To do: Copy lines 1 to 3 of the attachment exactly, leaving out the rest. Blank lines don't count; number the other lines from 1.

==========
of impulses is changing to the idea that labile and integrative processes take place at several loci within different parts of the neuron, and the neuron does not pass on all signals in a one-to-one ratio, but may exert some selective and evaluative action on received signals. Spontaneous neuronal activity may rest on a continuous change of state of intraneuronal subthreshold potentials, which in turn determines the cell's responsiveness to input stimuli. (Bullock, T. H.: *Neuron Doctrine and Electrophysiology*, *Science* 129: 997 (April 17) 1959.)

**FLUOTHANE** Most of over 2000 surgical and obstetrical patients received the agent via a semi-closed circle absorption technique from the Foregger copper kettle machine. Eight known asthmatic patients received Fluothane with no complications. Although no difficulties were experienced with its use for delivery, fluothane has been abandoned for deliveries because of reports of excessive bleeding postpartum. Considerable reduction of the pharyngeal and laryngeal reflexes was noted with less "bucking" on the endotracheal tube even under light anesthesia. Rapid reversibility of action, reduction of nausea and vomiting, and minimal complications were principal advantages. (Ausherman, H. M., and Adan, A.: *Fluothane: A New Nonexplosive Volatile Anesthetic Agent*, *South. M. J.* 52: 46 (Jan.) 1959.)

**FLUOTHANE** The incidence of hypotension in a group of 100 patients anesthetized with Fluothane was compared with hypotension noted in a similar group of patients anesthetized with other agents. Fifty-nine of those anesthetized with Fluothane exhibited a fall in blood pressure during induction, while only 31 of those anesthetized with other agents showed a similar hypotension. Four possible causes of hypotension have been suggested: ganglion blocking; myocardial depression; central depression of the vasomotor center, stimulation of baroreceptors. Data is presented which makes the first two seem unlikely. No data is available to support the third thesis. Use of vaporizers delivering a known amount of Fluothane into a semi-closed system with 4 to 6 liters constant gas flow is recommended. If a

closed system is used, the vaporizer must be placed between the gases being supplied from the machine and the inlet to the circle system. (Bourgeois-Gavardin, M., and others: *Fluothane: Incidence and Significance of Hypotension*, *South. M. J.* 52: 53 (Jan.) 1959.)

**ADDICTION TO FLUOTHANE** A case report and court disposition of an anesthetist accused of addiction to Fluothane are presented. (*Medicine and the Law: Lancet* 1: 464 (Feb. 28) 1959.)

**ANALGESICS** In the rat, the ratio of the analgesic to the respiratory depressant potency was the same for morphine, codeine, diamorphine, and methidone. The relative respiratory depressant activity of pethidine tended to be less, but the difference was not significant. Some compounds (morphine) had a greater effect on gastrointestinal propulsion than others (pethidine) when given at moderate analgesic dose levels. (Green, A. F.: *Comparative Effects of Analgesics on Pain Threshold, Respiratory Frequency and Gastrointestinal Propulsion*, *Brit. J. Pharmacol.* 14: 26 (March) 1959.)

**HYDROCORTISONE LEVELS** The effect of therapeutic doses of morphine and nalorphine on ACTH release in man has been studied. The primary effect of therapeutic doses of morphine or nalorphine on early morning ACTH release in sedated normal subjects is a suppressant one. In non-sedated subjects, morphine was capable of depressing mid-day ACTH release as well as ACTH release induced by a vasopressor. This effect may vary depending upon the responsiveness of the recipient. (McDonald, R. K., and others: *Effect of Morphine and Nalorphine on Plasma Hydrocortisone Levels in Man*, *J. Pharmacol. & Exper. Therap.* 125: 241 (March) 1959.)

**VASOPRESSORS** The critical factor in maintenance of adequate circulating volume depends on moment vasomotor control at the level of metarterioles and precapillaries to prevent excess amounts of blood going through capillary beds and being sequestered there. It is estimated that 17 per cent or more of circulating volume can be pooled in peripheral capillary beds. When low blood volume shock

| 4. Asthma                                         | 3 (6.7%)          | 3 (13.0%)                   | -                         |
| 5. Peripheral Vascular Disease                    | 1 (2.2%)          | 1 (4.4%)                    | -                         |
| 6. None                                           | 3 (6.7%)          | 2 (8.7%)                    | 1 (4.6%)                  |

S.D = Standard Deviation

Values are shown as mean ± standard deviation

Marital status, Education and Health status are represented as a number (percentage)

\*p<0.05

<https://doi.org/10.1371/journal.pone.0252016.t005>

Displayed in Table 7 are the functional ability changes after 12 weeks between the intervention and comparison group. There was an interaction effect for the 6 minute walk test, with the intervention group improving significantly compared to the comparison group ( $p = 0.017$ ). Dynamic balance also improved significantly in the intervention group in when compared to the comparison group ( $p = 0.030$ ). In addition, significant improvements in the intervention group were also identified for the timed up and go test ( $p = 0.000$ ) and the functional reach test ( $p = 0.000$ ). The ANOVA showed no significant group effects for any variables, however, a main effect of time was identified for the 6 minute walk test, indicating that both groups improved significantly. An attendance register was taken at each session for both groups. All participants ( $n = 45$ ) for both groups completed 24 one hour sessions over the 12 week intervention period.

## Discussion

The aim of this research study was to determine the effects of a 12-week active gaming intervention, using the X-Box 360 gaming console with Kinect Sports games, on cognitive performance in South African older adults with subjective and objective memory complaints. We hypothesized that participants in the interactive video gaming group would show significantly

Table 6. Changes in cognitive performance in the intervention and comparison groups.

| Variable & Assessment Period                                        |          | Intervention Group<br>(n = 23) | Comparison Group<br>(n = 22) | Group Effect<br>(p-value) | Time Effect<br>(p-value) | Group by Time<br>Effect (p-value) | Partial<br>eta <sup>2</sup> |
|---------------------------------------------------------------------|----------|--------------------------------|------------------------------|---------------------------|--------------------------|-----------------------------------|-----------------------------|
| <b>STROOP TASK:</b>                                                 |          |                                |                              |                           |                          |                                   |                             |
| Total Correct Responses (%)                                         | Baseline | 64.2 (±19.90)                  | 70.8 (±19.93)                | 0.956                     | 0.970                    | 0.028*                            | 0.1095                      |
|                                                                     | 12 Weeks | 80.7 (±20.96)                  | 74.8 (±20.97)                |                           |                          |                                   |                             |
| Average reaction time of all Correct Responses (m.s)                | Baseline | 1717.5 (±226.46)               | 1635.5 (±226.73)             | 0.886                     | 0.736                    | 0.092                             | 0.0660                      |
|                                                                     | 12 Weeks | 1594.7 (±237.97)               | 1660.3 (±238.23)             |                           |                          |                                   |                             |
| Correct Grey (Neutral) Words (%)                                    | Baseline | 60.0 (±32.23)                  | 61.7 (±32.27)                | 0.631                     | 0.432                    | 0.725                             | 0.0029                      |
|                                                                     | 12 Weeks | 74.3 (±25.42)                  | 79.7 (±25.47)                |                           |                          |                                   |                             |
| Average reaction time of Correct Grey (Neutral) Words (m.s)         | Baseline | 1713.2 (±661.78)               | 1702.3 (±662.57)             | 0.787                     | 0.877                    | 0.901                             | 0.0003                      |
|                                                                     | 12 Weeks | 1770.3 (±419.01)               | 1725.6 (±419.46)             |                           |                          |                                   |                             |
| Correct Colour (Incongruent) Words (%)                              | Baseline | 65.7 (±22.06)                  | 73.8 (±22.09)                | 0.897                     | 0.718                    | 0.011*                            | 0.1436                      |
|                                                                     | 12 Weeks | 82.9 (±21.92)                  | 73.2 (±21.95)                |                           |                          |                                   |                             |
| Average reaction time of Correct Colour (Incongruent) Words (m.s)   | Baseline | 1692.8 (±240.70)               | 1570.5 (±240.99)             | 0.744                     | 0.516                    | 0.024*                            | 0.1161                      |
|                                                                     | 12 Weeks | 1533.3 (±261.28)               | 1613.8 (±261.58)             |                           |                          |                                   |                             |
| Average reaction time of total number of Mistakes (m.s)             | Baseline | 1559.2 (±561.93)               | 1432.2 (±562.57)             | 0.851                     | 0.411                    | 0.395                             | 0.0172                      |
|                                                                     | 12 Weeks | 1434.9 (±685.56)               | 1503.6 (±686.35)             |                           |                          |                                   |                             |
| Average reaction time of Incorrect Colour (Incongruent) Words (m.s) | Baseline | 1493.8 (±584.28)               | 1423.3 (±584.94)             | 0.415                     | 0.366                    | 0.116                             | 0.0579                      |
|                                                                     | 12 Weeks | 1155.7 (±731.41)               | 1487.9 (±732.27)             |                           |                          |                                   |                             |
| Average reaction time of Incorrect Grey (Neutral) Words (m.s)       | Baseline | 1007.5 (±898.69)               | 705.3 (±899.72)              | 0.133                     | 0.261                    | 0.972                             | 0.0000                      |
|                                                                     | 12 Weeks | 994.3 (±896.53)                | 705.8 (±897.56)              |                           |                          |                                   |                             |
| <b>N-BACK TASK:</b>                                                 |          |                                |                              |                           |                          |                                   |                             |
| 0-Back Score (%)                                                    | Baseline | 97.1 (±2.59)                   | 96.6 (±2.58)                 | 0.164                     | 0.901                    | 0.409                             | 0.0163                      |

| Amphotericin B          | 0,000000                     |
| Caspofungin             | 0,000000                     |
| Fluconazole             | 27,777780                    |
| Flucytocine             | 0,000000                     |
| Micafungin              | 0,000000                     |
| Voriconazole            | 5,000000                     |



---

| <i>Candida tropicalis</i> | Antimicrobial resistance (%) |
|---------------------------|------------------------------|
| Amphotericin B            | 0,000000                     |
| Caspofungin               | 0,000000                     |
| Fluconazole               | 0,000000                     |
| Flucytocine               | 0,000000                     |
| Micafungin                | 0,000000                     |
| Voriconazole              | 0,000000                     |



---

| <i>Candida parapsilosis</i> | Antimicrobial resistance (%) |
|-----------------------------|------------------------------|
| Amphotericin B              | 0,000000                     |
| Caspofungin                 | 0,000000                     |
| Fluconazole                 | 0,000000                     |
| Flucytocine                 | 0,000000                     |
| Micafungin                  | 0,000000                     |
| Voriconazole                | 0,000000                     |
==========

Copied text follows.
of impulses is changing to the idea that labile and integrative processes take place at several loci within different parts of the neuron, and the neuron does not pass on all signals in a one-to-one ratio, but may exert some selective and evaluative action on received signals. Spontaneous neuronal activity may rest on a continuous change of state of intraneuronal subthreshold potentials, which in turn determines the cell's responsiveness to input stimuli. (Bullock, T. H.: *Neuron Doctrine and Electrophysiology*, *Science* 129: 997 (April 17) 1959.)

**FLUOTHANE** Most of over 2000 surgical and obstetrical patients received the agent via a semi-closed circle absorption technique from the Foregger copper kettle machine. Eight known asthmatic patients received Fluothane with no complications. Although no difficulties were experienced with its use for delivery, fluothane has been abandoned for deliveries because of reports of excessive bleeding postpartum. Considerable reduction of the pharyngeal and laryngeal reflexes was noted with less "bucking" on the endotracheal tube even under light anesthesia. Rapid reversibility of action, reduction of nausea and vomiting, and minimal complications were principal advantages. (Ausherman, H. M., and Adan, A.: *Fluothane: A New Nonexplosive Volatile Anesthetic Agent*, *South. M. J.* 52: 46 (Jan.) 1959.)

**FLUOTHANE** The incidence of hypotension in a group of 100 patients anesthetized with Fluothane was compared with hypotension noted in a similar group of patients anesthetized with other agents. Fifty-nine of those anesthetized with Fluothane exhibited a fall in blood pressure during induction, while only 31 of those anesthetized with other agents showed a similar hypotension. Four possible causes of hypotension have been suggested: ganglion blocking; myocardial depression; central depression of the vasomotor center, stimulation of baroreceptors. Data is presented which makes the first two seem unlikely. No data is available to support the third thesis. Use of vaporizers delivering a known amount of Fluothane into a semi-closed system with 4 to 6 liters constant gas flow is recommended. If a